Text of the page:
a member of the radical People’s Will 6 on the very day he signed a proclamation (the so-called
Loris-Melikov constitution) that would have created two legislative commissions made up of
indirectly elected representatives while Gorbachev’s ‘glasnost’ and ‘perestroika’ consumed his
presidency and the Soviet Union. The tragic fate of these two reformers is the thesis of Lipman’s
study. 7 Ulyanov Aleksandr, Vladimir Lenin’s elder brother, was one of the six executed for the
assassination of Tsar Alexander. Although, he was not one of those designated to throw the bomb at the
Tsar, he manufactured the nitroglycerine used in making it. Ulyanov who carried out his own defence and
refused to ask for imperial clemency said tsarist autocracy was responsible for their action. In his final
address to the court, he said
Among the Russian people there will always be found many people who are so devoted to
their ideas and who feel so bitterly the unhappiness of their country that it will not be a
sacrifice for them to offer their lives…my purpose was to aid in the liberation of the
unhappy Russian people. Under a system which permits no freedom of expression and
crushes every attempt to work for their welfare and enlightenment by legal means, the
only instrument that remains is terror. We cannot fight this regime in open battle, because
it is too firmly entrenched and commands enormous powers of repression. Therefore, any
individual sensitive to injustice must resort to terror. Terror is our answer to the violence
of the state. It is the only way to force a despotic regime to grant political freedom to the
people… there is no death more honourable than death for the common good 8
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The Russia Federation attained its current democratic status only after the collapse of the Soviet
Union in December 1991. On the other hand, of its approximately six decades of statehood,
Nigeria has had democratically elected governments for about two and a half decades while
military dictatorship account for the remainder, climaxing with General Sanni Abacha’s reign of
terror, which, to a limited extent, qualifies as Nigeria’s equivalent of Stalin’s reign of terror.
However, following Abacha’s death in 1998, and the General Abdulsalam Abubakar’s stint, the
democratic process was restored in May 1999. 9
Democracy is an omnibus concept that has been subjected to all shades of meanings,
cataloguing, interpretations and application. Today, there is probably no concept that is subjected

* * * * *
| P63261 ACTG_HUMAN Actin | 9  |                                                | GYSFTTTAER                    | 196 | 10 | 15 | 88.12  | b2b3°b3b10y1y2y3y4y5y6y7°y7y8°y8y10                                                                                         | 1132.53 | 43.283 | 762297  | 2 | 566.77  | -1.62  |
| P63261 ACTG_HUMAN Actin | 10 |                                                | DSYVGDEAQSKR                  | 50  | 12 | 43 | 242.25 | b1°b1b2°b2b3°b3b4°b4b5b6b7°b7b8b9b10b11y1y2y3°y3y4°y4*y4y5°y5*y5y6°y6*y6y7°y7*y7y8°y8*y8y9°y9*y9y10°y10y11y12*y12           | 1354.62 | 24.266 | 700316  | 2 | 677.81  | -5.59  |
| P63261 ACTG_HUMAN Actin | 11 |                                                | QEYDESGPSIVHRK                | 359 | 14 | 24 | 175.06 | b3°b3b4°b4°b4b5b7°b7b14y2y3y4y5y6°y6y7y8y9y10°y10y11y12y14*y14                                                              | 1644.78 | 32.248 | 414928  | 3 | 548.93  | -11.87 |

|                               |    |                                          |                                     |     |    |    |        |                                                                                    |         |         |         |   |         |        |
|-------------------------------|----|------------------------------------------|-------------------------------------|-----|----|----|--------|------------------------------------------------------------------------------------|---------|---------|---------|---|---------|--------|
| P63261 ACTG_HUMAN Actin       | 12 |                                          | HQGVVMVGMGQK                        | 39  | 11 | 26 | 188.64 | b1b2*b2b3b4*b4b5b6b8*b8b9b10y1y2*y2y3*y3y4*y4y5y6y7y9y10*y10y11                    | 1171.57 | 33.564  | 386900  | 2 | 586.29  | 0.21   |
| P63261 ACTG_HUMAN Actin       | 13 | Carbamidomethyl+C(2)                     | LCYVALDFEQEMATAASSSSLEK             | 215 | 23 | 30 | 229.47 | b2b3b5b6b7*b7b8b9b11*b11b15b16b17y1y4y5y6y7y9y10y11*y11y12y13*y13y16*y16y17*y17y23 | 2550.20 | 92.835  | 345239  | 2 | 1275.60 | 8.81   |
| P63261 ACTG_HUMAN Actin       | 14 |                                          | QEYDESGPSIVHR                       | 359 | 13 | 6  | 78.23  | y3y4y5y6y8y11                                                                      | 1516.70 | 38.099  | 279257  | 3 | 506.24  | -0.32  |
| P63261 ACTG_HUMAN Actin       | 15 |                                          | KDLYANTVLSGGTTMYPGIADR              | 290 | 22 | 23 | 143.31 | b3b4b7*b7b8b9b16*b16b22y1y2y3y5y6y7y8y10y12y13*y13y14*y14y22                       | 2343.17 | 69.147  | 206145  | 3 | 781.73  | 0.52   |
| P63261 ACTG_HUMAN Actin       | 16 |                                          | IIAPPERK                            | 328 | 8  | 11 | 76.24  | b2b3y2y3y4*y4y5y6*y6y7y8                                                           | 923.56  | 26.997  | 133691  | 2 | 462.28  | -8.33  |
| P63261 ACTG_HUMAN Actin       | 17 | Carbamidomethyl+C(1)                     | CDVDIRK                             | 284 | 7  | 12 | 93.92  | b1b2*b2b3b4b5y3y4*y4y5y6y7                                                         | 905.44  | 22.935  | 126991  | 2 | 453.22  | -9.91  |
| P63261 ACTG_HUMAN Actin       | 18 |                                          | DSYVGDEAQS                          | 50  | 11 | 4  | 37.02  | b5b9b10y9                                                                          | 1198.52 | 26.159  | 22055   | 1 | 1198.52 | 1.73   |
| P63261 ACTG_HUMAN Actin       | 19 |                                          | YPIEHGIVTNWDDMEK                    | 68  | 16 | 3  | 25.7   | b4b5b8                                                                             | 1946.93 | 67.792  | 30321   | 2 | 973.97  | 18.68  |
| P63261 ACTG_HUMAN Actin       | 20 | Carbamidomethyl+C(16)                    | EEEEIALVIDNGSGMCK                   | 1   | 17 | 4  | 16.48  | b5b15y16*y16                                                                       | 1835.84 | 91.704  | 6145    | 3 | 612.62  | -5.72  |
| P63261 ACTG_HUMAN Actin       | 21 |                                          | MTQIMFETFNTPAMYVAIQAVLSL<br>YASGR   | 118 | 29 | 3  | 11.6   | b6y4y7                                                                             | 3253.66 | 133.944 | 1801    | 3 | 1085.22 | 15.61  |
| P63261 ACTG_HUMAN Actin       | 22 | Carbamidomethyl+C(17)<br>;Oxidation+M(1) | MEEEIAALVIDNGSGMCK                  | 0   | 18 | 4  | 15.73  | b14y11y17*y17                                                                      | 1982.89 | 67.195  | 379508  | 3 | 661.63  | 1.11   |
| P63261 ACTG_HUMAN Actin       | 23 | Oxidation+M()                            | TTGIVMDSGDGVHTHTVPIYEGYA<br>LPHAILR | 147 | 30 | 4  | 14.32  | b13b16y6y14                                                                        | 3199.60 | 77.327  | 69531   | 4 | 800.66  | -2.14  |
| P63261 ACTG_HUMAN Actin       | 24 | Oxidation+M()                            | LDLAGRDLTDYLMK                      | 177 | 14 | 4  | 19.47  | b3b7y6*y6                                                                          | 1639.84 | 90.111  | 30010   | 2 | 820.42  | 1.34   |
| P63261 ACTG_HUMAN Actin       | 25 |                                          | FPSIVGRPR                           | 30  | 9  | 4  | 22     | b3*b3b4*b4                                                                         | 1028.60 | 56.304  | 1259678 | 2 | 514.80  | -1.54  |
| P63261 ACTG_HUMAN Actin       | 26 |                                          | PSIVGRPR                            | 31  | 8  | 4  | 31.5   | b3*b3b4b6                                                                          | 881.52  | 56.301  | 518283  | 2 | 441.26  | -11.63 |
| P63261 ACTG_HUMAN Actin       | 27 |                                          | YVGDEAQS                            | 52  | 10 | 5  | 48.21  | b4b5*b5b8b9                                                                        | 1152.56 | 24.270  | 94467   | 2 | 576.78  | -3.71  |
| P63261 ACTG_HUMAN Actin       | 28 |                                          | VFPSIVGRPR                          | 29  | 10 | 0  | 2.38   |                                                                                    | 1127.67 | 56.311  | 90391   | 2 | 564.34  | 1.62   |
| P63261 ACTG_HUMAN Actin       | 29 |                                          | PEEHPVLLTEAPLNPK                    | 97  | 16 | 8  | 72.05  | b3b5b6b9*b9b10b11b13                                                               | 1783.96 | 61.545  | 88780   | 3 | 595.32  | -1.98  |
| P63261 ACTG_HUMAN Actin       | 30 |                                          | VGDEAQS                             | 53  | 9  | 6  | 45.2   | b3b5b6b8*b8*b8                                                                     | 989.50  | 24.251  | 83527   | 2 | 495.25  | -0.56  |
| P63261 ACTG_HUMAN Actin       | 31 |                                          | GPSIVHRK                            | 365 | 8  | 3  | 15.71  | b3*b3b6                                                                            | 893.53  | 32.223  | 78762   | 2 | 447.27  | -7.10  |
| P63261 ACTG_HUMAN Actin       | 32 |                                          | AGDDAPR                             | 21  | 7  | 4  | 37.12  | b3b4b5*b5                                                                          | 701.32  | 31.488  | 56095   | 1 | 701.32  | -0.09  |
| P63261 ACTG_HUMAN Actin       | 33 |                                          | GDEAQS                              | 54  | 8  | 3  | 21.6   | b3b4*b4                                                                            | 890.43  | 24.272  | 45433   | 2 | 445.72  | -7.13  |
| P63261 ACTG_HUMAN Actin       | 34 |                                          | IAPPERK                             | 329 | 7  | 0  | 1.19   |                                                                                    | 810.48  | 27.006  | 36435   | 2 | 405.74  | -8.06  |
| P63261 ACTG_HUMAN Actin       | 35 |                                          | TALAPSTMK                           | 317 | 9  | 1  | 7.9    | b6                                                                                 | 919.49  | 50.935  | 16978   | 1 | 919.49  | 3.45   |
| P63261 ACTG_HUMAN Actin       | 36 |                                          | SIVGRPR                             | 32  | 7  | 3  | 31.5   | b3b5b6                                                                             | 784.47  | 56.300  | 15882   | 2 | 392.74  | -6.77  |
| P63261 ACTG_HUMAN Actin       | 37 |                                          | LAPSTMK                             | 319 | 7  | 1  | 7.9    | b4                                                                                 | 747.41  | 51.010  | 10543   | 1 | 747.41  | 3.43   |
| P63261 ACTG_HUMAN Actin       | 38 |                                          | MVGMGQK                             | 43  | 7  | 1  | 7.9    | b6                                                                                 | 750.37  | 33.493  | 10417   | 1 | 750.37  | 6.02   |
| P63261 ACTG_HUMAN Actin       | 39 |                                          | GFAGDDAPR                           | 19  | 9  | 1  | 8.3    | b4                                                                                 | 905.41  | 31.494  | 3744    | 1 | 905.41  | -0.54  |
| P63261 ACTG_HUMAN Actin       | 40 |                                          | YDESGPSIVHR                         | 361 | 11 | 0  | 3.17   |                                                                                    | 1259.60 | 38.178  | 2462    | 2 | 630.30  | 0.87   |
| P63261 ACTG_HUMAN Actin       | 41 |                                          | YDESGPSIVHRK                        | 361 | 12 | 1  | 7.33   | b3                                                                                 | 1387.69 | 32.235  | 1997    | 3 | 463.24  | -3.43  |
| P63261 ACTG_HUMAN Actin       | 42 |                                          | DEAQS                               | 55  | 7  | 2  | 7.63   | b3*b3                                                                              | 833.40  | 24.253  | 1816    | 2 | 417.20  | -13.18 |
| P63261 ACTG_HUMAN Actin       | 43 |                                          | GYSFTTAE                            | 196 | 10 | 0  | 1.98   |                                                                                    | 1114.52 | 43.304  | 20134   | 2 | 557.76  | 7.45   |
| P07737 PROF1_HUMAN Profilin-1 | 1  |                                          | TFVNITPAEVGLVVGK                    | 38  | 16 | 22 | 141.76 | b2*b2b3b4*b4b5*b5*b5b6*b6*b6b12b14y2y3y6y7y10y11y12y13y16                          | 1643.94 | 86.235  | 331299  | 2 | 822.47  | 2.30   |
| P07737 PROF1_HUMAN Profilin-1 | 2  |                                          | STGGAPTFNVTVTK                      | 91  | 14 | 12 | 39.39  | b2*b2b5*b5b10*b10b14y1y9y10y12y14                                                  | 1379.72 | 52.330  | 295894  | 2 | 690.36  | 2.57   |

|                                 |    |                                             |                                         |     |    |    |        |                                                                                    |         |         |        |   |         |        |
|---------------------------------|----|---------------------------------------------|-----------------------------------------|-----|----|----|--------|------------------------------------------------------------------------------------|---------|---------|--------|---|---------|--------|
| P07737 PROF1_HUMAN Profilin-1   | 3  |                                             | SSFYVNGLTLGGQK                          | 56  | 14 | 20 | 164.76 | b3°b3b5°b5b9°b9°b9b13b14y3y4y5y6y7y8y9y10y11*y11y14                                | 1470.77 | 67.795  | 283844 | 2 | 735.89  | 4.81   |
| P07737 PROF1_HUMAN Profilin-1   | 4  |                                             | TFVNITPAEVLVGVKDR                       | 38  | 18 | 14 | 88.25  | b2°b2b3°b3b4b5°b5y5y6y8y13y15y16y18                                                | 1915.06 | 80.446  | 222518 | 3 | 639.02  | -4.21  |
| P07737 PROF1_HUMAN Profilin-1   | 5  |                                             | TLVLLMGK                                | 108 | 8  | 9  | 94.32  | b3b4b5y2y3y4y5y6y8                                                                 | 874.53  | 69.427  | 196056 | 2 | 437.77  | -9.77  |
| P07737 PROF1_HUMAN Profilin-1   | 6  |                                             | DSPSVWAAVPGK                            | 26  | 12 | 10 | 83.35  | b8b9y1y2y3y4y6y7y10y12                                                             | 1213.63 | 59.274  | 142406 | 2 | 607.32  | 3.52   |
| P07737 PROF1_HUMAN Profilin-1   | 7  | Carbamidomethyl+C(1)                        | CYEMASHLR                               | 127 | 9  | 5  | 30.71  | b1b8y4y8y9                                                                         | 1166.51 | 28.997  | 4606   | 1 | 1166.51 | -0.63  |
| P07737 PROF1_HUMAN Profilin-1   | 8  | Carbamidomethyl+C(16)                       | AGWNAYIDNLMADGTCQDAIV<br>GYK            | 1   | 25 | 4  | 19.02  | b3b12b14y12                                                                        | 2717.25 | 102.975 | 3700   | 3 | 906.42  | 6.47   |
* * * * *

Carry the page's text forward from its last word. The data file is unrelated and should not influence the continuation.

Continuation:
to antagonistic interpretations and contradictory practises as the concept of democracy. One
reason for this pervasive contradiction is that democracy is the least objectionable form of
government. Consequently, from the extreme left to the extreme right, states always lay bogus
and questionable claim to democracy. Indeed, even military regimes, with records of pervasive
violations of human rights and other anti democratic tendencies, sometimes lay claim to
democracy. 10 This is what Ekeh refers to as democratism, which, according to him, is the brand
of rule that makes use of ‘false principles of the institutions of democracy’ while at the same
time creating anti-democratic conditions. 11 This obviously informed Crick’s description of
democracy as the most promiscuous word in the world of public affairs 12 or what Tocqueville
calls ‘democratic despotism’. 13 Indeed, democracy is in the catalogue of Gallie’s ‘essentially
contested concepts’. 14
Any meaningful attempt at understanding democracy must proceed from its ancient definition as
peoples’ rule. The Greek words demos and kratia mean ‘people’ and ‘rule’ or ‘authority’
respectively. Thus, democracy refers to ‘rule by the people’. This began in the first half of the
5th century B.C. among the Greeks, thus beginning with what Dahl calls the transformation from
rule by few to rule by many. 15 During the French Revolution (1789-1799), the French lawyer
and political leader, Maximilien Robespierre (1758-1794), defined democracy as a “state in
which the people, as sovereign, guided by laws of its own making, does for itself all that it can